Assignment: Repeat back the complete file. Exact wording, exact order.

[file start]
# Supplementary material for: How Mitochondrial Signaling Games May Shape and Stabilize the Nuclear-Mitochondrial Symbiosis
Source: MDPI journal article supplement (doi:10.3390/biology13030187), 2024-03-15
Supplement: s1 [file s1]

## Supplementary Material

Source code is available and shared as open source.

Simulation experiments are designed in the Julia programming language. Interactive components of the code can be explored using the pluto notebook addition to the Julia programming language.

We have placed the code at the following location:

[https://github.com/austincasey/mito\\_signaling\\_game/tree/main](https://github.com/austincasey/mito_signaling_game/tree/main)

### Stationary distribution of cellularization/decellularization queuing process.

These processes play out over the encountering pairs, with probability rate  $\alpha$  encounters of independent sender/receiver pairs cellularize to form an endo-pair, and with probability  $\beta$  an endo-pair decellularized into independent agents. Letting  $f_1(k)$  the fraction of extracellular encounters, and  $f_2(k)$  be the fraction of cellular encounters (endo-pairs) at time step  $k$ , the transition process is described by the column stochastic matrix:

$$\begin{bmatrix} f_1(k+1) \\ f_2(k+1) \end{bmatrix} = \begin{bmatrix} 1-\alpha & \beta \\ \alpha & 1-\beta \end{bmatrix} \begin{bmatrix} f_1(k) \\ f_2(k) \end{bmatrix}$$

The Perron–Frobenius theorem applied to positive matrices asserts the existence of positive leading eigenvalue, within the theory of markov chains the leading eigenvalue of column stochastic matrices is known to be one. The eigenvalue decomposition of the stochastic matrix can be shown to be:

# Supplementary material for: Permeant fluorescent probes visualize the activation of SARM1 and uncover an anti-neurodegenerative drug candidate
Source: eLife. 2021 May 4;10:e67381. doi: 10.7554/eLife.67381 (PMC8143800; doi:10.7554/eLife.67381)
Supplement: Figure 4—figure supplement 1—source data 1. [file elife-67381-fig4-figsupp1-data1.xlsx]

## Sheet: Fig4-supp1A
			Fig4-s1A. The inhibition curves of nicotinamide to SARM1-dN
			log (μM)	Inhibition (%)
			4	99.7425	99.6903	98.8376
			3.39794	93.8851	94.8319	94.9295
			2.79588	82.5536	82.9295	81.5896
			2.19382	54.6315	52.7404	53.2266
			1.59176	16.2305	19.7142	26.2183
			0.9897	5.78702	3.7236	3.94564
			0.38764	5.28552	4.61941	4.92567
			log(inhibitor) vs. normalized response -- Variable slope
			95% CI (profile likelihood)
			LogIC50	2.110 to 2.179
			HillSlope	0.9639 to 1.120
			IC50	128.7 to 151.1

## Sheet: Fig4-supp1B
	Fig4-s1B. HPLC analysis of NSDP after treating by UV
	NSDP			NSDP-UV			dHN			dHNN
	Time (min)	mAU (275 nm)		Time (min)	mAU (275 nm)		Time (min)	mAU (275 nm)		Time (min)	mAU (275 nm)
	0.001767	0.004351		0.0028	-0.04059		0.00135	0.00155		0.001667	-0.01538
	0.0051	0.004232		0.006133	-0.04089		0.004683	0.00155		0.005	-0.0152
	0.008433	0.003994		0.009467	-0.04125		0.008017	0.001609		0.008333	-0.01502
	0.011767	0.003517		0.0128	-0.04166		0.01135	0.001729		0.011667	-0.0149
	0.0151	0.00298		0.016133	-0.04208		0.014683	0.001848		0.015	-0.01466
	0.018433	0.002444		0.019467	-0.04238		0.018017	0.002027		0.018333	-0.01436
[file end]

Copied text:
# Supplementary material for: How Mitochondrial Signaling Games May Shape and Stabilize the Nuclear-Mitochondrial Symbiosis
Source: MDPI journal article supplement (doi:10.3390/biology13030187), 2024-03-15
Supplement: s1 [file s1]

## Supplementary Material

Source code is available and shared as open source.

Simulation experiments are designed in the Julia programming language. Interactive components of the code can be explored using the pluto notebook addition to the Julia programming language.

We have placed the code at the following location:

[https://github.com/austincasey/mito\\_signaling\\_game/tree/main](https://github.com/austincasey/mito_signaling_game/tree/main)

### Stationary distribution of cellularization/decellularization queuing process.

These processes play out over the encountering pairs, with probability rate  $\alpha$  encounters of independent sender/receiver pairs cellularize to form an endo-pair, and with probability  $\beta$  an endo-pair decellularized into independent agents. Letting  $f_1(k)$  the fraction of extracellular encounters, and  $f_2(k)$  be the fraction of cellular encounters (endo-pairs) at time step  $k$ , the transition process is described by the column stochastic matrix:

$$\begin{bmatrix} f_1(k+1) \\ f_2(k+1) \end{bmatrix} = \begin{bmatrix} 1-\alpha & \beta \\ \alpha & 1-\beta \end{bmatrix} \begin{bmatrix} f_1(k) \\ f_2(k) \end{bmatrix}$$

The Perron–Frobenius theorem applied to positive matrices asserts the existence of positive leading eigenvalue, within the theory of markov chains the leading eigenvalue of column stochastic matrices is known to be one. The eigenvalue decomposition of the stochastic matrix can be shown to be:

# Supplementary material for: Permeant fluorescent probes visualize the activation of SARM1 and uncover an anti-neurodegenerative drug candidate
Source: eLife. 2021 May 4;10:e67381. doi: 10.7554/eLife.67381 (PMC8143800; doi:10.7554/eLife.67381)
Supplement: Figure 4—figure supplement 1—source data 1. [file elife-67381-fig4-figsupp1-data1.xlsx]

## Sheet: Fig4-supp1A
			Fig4-s1A. The inhibition curves of nicotinamide to SARM1-dN
			log (μM)	Inhibition (%)
			4	99.7425	99.6903	98.8376
			3.39794	93.8851	94.8319	94.9295
			2.79588	82.5536	82.9295	81.5896
			2.19382	54.6315	52.7404	53.2266
			1.59176	16.2305	19.7142	26.2183
			0.9897	5.78702	3.7236	3.94564
			0.38764	5.28552	4.61941	4.92567
			log(inhibitor) vs. normalized response -- Variable slope
			95% CI (profile likelihood)
			LogIC50	2.110 to 2.179
			HillSlope	0.9639 to 1.120
			IC50	128.7 to 151.1

## Sheet: Fig4-supp1B
	Fig4-s1B. HPLC analysis of NSDP after treating by UV
	NSDP			NSDP-UV			dHN			dHNN
	Time (min)	mAU (275 nm)		Time (min)	mAU (275 nm)		Time (min)	mAU (275 nm)		Time (min)	mAU (275 nm)
	0.001767	0.004351		0.0028	-0.04059		0.00135	0.00155		0.001667	-0.01538
	0.0051	0.004232		0.006133	-0.04089		0.004683	0.00155		0.005	-0.0152
	0.008433	0.003994		0.009467	-0.04125		0.008017	0.001609		0.008333	-0.01502
	0.011767	0.003517		0.0128	-0.04166		0.01135	0.001729		0.011667	-0.0149
	0.0151	0.00298		0.016133	-0.04208		0.014683	0.001848		0.015	-0.01466
	0.018433	0.002444		0.019467	-0.04238		0.018017	0.002027		0.018333	-0.01436